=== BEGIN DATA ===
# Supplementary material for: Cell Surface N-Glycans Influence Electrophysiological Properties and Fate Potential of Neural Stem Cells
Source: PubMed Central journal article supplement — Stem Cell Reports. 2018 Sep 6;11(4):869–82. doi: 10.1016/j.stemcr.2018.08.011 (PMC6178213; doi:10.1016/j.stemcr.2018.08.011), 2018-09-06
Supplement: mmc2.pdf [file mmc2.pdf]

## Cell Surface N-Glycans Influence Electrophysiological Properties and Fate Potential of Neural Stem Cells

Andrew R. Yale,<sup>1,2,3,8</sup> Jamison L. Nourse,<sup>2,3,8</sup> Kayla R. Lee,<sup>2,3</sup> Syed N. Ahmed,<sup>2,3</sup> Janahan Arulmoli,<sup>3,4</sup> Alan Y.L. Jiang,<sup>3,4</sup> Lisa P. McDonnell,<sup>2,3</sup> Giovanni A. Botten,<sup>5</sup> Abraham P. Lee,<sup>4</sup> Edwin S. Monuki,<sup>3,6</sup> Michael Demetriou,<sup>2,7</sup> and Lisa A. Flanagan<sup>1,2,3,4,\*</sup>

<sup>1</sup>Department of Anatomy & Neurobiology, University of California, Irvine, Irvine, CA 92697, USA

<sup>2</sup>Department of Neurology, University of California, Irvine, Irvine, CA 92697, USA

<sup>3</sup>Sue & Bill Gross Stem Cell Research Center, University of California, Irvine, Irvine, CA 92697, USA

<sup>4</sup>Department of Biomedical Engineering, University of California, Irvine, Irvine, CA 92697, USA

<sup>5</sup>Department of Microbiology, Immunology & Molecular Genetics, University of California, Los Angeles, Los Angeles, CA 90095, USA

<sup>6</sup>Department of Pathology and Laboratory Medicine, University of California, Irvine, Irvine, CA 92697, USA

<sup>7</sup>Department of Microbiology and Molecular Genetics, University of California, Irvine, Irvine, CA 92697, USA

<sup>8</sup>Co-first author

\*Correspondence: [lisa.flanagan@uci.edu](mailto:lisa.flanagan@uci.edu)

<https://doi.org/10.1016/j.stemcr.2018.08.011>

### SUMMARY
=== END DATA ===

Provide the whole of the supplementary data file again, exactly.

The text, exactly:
# Supplementary material for: Cell Surface N-Glycans Influence Electrophysiological Properties and Fate Potential of Neural Stem Cells
Source: PubMed Central journal article supplement — Stem Cell Reports. 2018 Sep 6;11(4):869–82. doi: 10.1016/j.stemcr.2018.08.011 (PMC6178213; doi:10.1016/j.stemcr.2018.08.011), 2018-09-06
Supplement: mmc2.pdf [file mmc2.pdf]

## Cell Surface N-Glycans Influence Electrophysiological Properties and Fate Potential of Neural Stem Cells

Andrew R. Yale,<sup>1,2,3,8</sup> Jamison L. Nourse,<sup>2,3,8</sup> Kayla R. Lee,<sup>2,3</sup> Syed N. Ahmed,<sup>2,3</sup> Janahan Arulmoli,<sup>3,4</sup> Alan Y.L. Jiang,<sup>3,4</sup> Lisa P. McDonnell,<sup>2,3</sup> Giovanni A. Botten,<sup>5</sup> Abraham P. Lee,<sup>4</sup> Edwin S. Monuki,<sup>3,6</sup> Michael Demetriou,<sup>2,7</sup> and Lisa A. Flanagan<sup>1,2,3,4,\*</sup>

<sup>1</sup>Department of Anatomy & Neurobiology, University of California, Irvine, Irvine, CA 92697, USA

<sup>2</sup>Department of Neurology, University of California, Irvine, Irvine, CA 92697, USA

<sup>3</sup>Sue & Bill Gross Stem Cell Research Center, University of California, Irvine, Irvine, CA 92697, USA

<sup>4</sup>Department of Biomedical Engineering, University of California, Irvine, Irvine, CA 92697, USA

<sup>5</sup>Department of Microbiology, Immunology & Molecular Genetics, University of California, Los Angeles, Los Angeles, CA 90095, USA

<sup>6</sup>Department of Pathology and Laboratory Medicine, University of California, Irvine, Irvine, CA 92697, USA

<sup>7</sup>Department of Microbiology and Molecular Genetics, University of California, Irvine, Irvine, CA 92697, USA

<sup>8</sup>Co-first author

\*Correspondence: [lisa.flanagan@uci.edu](mailto:lisa.flanagan@uci.edu)

<https://doi.org/10.1016/j.stemcr.2018.08.011>

### SUMMARY